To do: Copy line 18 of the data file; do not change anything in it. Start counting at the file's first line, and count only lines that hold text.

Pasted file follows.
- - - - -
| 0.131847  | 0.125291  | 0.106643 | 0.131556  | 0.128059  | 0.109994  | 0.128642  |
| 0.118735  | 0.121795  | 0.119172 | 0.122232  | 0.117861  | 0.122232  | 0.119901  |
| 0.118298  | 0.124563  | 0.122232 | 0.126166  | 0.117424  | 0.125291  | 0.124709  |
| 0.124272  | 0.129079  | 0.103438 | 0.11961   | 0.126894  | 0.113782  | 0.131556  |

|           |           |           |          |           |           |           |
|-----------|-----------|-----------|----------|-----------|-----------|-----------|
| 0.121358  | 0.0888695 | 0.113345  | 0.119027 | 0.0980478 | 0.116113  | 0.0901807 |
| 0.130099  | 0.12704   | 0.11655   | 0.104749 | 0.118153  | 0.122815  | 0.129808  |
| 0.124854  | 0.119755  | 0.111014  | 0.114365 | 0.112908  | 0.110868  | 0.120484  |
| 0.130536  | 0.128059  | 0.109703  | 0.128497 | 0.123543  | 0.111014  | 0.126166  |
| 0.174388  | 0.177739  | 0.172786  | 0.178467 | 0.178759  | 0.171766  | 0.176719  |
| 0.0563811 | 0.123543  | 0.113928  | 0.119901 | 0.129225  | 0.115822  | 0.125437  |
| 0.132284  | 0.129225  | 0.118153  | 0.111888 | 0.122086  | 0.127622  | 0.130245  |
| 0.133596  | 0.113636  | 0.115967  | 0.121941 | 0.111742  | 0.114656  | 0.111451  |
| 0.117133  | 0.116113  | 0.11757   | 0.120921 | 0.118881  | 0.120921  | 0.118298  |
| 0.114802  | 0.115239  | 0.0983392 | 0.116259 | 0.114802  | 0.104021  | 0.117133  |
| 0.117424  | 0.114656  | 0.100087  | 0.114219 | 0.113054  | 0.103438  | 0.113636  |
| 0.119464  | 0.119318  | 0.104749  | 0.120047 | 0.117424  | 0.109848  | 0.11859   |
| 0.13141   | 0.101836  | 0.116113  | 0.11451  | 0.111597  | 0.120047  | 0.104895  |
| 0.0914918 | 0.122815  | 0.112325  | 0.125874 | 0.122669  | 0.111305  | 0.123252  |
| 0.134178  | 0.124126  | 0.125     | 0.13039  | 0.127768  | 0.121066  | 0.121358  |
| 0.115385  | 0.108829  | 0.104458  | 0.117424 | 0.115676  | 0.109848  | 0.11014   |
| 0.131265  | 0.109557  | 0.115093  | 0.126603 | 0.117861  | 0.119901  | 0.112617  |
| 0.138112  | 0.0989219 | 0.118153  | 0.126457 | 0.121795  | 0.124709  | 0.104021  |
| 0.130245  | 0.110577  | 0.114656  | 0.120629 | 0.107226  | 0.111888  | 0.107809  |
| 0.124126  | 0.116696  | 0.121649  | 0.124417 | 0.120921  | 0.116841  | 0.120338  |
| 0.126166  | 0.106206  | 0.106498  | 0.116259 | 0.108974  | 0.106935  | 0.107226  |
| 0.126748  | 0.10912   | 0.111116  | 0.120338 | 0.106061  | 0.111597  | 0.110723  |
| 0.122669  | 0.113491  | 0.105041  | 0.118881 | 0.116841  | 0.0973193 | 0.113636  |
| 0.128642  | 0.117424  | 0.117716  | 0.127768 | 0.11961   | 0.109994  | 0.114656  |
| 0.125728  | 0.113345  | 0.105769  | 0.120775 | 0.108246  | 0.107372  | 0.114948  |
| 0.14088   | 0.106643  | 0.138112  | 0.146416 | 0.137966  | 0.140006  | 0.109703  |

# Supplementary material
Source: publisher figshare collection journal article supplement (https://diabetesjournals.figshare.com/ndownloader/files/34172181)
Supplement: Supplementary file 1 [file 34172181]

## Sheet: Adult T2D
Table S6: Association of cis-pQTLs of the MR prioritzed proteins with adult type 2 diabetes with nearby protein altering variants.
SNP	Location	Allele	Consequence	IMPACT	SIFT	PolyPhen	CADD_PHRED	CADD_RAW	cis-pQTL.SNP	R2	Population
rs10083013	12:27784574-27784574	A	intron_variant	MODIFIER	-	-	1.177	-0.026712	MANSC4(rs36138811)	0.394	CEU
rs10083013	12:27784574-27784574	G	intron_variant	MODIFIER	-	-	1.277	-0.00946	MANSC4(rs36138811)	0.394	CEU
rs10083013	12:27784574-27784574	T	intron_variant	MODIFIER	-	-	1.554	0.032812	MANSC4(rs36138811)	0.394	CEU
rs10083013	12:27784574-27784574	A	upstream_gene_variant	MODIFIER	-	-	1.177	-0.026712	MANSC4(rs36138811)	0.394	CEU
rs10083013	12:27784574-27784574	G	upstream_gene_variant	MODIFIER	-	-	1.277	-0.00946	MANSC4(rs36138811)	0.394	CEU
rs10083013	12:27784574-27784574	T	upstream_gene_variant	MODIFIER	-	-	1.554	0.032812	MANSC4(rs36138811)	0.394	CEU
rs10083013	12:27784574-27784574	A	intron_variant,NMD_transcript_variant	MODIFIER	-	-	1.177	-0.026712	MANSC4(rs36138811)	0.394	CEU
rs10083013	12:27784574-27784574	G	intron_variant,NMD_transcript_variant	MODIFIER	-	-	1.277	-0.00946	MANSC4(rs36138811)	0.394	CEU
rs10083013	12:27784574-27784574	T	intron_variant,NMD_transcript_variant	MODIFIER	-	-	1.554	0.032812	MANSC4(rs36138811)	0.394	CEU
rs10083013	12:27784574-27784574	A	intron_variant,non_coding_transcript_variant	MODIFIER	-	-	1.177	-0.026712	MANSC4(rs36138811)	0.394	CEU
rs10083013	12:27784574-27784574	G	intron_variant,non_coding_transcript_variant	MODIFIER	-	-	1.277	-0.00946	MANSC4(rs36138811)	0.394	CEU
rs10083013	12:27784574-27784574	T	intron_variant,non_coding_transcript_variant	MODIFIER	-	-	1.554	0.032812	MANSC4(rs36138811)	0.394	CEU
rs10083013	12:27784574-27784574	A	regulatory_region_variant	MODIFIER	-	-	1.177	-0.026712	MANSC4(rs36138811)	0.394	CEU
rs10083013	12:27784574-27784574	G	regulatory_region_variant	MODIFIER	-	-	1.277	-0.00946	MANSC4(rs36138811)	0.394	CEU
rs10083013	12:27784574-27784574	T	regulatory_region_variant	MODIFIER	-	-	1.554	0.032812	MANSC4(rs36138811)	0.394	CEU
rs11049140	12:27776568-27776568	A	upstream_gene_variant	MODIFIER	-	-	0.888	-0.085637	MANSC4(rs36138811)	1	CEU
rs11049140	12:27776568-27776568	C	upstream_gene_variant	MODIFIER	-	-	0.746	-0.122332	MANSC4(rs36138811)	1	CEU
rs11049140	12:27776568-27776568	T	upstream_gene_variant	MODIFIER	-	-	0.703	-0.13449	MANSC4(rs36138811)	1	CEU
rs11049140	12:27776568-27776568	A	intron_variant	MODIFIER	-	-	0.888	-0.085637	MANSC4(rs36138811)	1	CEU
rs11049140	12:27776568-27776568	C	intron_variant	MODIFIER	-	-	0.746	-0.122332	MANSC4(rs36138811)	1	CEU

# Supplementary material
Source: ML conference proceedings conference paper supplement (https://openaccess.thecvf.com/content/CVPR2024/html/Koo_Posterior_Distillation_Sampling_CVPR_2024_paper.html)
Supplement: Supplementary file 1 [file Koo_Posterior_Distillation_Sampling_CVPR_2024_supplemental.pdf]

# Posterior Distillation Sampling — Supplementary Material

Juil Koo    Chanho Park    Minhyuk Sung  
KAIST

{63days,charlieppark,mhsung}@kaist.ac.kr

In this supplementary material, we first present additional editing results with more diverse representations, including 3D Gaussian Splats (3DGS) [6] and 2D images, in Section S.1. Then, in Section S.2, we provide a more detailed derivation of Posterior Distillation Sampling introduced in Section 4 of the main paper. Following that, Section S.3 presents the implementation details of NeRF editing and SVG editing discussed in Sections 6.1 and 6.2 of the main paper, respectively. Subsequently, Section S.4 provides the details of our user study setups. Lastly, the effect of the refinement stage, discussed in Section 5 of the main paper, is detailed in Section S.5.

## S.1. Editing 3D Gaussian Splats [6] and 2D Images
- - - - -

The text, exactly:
| 0.119464  | 0.119318  | 0.104749  | 0.120047 | 0.117424  | 0.109848  | 0.11859   |